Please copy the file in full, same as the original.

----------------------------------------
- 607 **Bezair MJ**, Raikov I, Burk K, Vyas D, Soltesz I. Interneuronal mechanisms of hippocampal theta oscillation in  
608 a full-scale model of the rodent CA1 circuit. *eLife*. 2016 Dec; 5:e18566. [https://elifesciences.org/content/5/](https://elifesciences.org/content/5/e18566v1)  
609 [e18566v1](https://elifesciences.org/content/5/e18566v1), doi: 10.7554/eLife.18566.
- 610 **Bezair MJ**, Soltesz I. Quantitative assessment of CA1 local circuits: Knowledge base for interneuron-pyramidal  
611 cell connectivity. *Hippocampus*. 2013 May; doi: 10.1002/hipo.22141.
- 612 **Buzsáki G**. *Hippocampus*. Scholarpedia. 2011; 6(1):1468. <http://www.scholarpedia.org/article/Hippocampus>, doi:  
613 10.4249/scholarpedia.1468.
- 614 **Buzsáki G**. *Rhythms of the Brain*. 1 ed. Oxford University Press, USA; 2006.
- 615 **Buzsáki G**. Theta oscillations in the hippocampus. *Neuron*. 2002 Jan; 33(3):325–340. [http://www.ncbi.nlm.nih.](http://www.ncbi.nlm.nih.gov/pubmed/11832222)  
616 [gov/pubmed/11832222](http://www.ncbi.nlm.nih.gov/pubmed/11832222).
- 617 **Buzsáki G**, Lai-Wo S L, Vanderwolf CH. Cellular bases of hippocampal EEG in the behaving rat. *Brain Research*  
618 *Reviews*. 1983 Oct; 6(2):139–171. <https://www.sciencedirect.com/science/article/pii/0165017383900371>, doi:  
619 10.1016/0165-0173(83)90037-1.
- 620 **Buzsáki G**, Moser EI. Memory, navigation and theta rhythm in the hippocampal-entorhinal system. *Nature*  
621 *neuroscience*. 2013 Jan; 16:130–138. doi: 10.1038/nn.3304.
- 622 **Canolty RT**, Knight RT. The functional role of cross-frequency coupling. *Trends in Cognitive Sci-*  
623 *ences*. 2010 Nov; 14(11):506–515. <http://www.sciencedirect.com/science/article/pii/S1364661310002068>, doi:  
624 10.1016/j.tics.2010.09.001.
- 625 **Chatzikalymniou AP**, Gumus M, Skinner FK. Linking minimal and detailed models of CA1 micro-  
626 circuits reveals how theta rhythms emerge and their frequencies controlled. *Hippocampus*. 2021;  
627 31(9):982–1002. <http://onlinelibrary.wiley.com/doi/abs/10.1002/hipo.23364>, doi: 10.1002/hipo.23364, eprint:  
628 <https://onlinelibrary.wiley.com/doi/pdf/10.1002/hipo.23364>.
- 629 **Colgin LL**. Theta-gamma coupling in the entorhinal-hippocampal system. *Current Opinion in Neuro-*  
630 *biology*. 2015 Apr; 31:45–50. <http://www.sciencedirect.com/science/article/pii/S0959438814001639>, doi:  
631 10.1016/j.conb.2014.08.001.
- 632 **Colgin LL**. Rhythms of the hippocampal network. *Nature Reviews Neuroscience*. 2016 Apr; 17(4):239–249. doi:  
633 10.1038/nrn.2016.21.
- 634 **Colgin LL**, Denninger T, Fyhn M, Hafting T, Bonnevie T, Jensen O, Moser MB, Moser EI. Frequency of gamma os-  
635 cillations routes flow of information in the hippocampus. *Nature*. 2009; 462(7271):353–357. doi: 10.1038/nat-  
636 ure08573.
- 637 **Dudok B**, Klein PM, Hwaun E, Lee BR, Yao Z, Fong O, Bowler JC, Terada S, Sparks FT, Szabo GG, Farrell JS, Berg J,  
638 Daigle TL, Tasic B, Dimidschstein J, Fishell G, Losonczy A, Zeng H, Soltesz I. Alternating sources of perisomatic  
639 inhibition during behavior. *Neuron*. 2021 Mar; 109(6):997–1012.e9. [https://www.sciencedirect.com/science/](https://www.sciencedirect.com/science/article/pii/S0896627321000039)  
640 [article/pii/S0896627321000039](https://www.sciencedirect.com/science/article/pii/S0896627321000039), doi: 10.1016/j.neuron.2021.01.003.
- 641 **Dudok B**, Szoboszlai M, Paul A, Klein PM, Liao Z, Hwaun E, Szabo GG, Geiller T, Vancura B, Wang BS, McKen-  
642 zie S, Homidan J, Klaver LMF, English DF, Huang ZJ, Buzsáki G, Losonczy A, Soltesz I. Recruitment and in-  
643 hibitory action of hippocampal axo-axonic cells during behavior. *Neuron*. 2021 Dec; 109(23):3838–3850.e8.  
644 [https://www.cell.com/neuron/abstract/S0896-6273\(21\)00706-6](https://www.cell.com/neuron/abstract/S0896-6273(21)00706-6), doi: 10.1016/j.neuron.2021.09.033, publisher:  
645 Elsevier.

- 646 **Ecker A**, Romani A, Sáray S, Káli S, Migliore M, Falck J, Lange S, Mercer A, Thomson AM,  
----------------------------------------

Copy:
- 607 **Bezair MJ**, Raikov I, Burk K, Vyas D, Soltesz I. Interneuronal mechanisms of hippocampal theta oscillation in  
608 a full-scale model of the rodent CA1 circuit. *eLife*. 2016 Dec; 5:e18566. [https://elifesciences.org/content/5/](https://elifesciences.org/content/5/e18566v1)  
609 [e18566v1](https://elifesciences.org/content/5/e18566v1), doi: 10.7554/eLife.18566.
- 610 **Bezair MJ**, Soltesz I. Quantitative assessment of CA1 local circuits: Knowledge base for interneuron-pyramidal  
611 cell connectivity. *Hippocampus*. 2013 May; doi: 10.1002/hipo.22141.
- 612 **Buzsáki G**. *Hippocampus*. Scholarpedia. 2011; 6(1):1468. <http://www.scholarpedia.org/article/Hippocampus>, doi:  
613 10.4249/scholarpedia.1468.
- 614 **Buzsáki G**. *Rhythms of the Brain*. 1 ed. Oxford University Press, USA; 2006.
- 615 **Buzsáki G**. Theta oscillations in the hippocampus. *Neuron*. 2002 Jan; 33(3):325–340. [http://www.ncbi.nlm.nih.](http://www.ncbi.nlm.nih.gov/pubmed/11832222)  
616 [gov/pubmed/11832222](http://www.ncbi.nlm.nih.gov/pubmed/11832222).
- 617 **Buzsáki G**, Lai-Wo S L, Vanderwolf CH. Cellular bases of hippocampal EEG in the behaving rat. *Brain Research*  
618 *Reviews*. 1983 Oct; 6(2):139–171. <https://www.sciencedirect.com/science/article/pii/0165017383900371>, doi:  
619 10.1016/0165-0173(83)90037-1.
- 620 **Buzsáki G**, Moser EI. Memory, navigation and theta rhythm in the hippocampal-entorhinal system. *Nature*  
621 *neuroscience*. 2013 Jan; 16:130–138. doi: 10.1038/nn.3304.
- 622 **Canolty RT**, Knight RT. The functional role of cross-frequency coupling. *Trends in Cognitive Sci-*  
623 *ences*. 2010 Nov; 14(11):506–515. <http://www.sciencedirect.com/science/article/pii/S1364661310002068>, doi:  
624 10.1016/j.tics.2010.09.001.
- 625 **Chatzikalymniou AP**, Gumus M, Skinner FK. Linking minimal and detailed models of CA1 micro-  
626 circuits reveals how theta rhythms emerge and their frequencies controlled. *Hippocampus*. 2021;  
627 31(9):982–1002. <http://onlinelibrary.wiley.com/doi/abs/10.1002/hipo.23364>, doi: 10.1002/hipo.23364, eprint:  
628 <https://onlinelibrary.wiley.com/doi/pdf/10.1002/hipo.23364>.
- 629 **Colgin LL**. Theta-gamma coupling in the entorhinal-hippocampal system. *Current Opinion in Neuro-*  
630 *biology*. 2015 Apr; 31:45–50. <http://www.sciencedirect.com/science/article/pii/S0959438814001639>, doi:  
631 10.1016/j.conb.2014.08.001.
- 632 **Colgin LL**. Rhythms of the hippocampal network. *Nature Reviews Neuroscience*. 2016 Apr; 17(4):239–249. doi:  
633 10.1038/nrn.2016.21.
- 634 **Colgin LL**, Denninger T, Fyhn M, Hafting T, Bonnevie T, Jensen O, Moser MB, Moser EI. Frequency of gamma os-  
635 cillations routes flow of information in the hippocampus. *Nature*. 2009; 462(7271):353–357. doi: 10.1038/nat-  
636 ure08573.
- 637 **Dudok B**, Klein PM, Hwaun E, Lee BR, Yao Z, Fong O, Bowler JC, Terada S, Sparks FT, Szabo GG, Farrell JS, Berg J,  
638 Daigle TL, Tasic B, Dimidschstein J, Fishell G, Losonczy A, Zeng H, Soltesz I. Alternating sources of perisomatic  
639 inhibition during behavior. *Neuron*. 2021 Mar; 109(6):997–1012.e9. [https://www.sciencedirect.com/science/](https://www.sciencedirect.com/science/article/pii/S0896627321000039)  
640 [article/pii/S0896627321000039](https://www.sciencedirect.com/science/article/pii/S0896627321000039), doi: 10.1016/j.neuron.2021.01.003.
- 641 **Dudok B**, Szoboszlai M, Paul A, Klein PM, Liao Z, Hwaun E, Szabo GG, Geiller T, Vancura B, Wang BS, McKen-  
642 zie S, Homidan J, Klaver LMF, English DF, Huang ZJ, Buzsáki G, Losonczy A, Soltesz I. Recruitment and in-  
643 hibitory action of hippocampal axo-axonic cells during behavior. *Neuron*. 2021 Dec; 109(23):3838–3850.e8.  
644 [https://www.cell.com/neuron/abstract/S0896-6273\(21\)00706-6](https://www.cell.com/neuron/abstract/S0896-6273(21)00706-6), doi: 10.1016/j.neuron.2021.09.033, publisher:  
645 Elsevier.

- 646 **Ecker A**, Romani A, Sáray S, Káli S, Migliore M, Falck J, Lange S, Mercer A, Thomson AM,  